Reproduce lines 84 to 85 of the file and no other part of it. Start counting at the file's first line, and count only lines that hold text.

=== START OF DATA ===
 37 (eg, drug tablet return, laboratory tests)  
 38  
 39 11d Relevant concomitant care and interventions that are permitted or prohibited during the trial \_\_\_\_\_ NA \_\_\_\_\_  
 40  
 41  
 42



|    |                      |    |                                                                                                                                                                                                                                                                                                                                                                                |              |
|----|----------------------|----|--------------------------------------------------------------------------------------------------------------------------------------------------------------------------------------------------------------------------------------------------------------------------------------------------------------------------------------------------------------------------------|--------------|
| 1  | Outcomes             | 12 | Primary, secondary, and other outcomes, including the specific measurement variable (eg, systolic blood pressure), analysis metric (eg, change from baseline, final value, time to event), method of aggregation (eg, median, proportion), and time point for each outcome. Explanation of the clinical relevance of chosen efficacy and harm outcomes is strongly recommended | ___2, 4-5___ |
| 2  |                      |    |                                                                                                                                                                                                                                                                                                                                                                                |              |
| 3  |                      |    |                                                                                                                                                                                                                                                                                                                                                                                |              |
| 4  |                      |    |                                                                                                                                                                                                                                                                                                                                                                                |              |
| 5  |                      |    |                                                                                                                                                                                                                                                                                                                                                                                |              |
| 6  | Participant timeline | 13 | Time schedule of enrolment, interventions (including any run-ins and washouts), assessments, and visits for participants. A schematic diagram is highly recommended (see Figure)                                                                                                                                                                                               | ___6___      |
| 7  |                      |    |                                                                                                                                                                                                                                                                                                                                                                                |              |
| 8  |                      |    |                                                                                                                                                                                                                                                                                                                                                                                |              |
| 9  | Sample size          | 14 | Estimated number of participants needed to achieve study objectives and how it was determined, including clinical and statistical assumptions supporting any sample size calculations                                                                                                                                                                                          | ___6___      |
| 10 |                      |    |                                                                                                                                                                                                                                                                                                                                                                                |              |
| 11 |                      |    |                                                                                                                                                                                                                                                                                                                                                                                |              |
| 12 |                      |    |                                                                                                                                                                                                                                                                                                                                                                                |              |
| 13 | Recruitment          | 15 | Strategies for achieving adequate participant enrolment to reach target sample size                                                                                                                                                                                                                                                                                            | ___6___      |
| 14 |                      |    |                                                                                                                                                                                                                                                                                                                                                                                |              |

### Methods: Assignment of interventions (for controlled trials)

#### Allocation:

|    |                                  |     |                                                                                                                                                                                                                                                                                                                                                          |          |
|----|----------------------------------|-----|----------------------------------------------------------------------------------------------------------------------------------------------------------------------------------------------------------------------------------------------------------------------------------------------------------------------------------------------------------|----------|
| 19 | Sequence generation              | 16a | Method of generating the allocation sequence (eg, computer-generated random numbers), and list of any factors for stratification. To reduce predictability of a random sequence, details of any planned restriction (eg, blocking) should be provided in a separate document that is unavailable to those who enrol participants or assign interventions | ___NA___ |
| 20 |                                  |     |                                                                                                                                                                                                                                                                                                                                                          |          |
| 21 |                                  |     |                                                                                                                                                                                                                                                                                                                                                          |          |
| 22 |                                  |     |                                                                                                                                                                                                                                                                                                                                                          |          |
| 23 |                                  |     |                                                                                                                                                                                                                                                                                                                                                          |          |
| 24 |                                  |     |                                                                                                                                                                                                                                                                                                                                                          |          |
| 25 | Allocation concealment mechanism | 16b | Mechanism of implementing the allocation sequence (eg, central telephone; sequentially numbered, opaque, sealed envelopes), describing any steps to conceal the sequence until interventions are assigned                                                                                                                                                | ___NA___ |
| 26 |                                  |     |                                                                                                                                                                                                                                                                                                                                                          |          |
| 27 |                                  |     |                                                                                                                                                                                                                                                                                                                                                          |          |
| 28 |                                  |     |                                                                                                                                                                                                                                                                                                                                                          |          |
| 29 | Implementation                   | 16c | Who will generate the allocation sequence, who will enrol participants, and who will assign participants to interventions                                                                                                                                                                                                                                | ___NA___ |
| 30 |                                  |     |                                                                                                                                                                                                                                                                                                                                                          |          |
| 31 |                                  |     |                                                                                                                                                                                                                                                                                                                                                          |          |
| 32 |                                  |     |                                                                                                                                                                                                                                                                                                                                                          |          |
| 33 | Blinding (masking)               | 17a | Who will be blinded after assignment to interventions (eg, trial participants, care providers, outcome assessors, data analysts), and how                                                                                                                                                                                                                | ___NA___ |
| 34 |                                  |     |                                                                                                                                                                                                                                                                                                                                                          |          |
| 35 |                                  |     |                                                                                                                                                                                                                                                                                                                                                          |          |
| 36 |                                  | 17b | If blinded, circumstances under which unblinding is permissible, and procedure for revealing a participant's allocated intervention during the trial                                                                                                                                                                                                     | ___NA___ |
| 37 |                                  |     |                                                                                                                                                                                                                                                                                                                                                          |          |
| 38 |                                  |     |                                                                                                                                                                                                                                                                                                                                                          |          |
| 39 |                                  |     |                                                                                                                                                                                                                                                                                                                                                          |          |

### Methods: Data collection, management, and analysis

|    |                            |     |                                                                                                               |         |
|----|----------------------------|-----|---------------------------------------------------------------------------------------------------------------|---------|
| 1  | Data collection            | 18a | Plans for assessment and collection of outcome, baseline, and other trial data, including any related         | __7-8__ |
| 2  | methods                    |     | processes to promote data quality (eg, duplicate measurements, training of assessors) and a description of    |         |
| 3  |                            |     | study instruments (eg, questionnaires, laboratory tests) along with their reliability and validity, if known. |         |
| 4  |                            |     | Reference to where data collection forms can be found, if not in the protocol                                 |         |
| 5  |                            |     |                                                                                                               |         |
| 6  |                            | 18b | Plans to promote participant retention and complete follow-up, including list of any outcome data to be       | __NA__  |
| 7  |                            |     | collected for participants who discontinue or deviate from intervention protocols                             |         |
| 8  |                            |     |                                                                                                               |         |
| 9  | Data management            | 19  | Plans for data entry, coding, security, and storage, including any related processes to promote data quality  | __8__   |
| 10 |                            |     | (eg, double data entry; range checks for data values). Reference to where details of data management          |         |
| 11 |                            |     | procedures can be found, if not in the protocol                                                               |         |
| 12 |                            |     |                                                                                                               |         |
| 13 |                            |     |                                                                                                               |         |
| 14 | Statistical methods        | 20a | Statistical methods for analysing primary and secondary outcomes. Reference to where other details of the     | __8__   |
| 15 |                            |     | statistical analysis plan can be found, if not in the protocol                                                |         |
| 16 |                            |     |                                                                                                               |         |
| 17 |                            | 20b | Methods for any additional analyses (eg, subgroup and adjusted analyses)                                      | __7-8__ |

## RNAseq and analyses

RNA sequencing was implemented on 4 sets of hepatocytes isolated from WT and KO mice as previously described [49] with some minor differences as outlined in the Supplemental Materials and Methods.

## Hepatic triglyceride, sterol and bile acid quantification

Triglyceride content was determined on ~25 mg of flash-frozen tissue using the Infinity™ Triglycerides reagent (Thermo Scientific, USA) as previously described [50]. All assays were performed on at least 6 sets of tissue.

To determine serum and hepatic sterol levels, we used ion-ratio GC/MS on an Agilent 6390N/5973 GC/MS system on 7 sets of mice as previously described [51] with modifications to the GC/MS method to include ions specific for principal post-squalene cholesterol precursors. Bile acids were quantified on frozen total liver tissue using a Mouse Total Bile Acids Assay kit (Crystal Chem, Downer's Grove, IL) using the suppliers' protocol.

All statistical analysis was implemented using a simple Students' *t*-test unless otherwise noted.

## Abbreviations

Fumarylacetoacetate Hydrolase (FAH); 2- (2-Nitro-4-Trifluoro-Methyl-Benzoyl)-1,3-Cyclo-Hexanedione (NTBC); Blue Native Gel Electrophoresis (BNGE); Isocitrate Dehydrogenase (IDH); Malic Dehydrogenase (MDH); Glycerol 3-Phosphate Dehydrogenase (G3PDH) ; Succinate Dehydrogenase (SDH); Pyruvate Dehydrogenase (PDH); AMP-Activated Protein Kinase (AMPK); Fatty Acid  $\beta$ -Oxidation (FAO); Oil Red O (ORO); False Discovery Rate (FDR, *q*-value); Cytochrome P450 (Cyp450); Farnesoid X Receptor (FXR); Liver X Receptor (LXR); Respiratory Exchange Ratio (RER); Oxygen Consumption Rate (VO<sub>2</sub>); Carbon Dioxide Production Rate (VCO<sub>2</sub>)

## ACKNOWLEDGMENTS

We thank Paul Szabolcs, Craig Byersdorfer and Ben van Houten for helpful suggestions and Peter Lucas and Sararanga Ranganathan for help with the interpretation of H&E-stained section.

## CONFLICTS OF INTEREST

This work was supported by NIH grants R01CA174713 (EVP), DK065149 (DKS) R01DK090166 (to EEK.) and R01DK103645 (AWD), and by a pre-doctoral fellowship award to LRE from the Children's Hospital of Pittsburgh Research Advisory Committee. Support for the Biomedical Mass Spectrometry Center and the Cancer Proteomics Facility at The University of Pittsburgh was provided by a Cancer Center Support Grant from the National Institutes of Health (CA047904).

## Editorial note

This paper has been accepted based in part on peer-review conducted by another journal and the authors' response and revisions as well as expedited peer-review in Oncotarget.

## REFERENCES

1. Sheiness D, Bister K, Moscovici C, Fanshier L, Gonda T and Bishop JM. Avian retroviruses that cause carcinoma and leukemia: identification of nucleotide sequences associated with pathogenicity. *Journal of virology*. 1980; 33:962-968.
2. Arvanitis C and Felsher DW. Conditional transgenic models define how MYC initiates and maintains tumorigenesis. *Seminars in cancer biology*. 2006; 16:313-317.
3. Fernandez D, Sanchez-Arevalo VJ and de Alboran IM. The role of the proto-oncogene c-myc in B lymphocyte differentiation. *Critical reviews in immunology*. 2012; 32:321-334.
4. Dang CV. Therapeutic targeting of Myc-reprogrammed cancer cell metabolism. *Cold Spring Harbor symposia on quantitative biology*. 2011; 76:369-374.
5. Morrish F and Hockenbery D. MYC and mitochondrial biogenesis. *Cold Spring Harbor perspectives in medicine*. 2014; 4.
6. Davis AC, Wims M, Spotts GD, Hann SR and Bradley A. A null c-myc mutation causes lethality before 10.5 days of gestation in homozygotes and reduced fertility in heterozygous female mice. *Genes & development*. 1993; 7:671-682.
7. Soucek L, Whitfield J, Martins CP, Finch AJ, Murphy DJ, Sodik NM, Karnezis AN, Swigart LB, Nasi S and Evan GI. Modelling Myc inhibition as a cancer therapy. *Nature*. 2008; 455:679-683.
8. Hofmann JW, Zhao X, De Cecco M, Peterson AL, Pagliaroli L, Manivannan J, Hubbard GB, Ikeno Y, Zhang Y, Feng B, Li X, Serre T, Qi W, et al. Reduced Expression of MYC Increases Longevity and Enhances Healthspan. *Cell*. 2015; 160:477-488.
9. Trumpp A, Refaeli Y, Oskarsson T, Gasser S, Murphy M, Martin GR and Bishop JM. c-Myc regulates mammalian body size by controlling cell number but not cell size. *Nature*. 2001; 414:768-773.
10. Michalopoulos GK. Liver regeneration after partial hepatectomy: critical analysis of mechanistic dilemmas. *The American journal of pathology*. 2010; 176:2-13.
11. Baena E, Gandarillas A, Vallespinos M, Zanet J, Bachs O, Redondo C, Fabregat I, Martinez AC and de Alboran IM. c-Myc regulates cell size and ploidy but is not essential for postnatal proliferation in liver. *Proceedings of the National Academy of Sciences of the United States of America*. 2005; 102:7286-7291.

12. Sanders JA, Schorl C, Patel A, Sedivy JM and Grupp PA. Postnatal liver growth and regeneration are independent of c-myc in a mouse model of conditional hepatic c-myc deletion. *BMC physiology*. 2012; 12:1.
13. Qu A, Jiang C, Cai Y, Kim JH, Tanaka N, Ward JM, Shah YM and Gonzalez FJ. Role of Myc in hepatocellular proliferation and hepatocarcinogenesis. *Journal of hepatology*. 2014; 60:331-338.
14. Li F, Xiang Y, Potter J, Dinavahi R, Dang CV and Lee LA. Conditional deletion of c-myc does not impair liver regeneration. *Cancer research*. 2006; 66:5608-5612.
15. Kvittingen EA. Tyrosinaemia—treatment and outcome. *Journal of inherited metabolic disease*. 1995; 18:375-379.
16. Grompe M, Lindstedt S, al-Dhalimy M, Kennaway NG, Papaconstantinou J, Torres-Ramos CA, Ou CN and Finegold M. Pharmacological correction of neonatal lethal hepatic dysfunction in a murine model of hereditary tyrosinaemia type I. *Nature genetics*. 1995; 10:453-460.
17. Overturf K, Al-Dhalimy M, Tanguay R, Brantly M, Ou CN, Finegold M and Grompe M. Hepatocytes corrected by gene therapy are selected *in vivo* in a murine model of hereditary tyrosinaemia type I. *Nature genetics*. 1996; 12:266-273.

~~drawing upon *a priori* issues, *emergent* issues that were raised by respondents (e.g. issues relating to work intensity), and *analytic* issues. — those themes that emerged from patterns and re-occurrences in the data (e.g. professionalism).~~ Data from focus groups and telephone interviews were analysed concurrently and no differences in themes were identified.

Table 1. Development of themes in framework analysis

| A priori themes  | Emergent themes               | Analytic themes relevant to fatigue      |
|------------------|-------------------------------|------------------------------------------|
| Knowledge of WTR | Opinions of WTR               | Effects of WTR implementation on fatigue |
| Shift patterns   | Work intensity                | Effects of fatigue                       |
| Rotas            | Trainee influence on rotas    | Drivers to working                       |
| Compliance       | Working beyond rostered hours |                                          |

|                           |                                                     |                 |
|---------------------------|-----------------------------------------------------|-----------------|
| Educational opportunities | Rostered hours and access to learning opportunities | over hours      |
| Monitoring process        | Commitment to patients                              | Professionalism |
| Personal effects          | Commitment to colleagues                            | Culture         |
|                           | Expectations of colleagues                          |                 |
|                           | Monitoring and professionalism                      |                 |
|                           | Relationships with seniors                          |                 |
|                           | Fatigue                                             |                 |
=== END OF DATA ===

2. Arvanitis C and Felsher DW. Conditional transgenic models define how MYC initiates and maintains tumorigenesis. *Seminars in cancer biology*. 2006; 16:313-317.
3. Fernandez D, Sanchez-Arevalo VJ and de Alboran IM. The role of the proto-oncogene c-myc in B lymphocyte differentiation. *Critical reviews in immunology*. 2012; 32:321-334.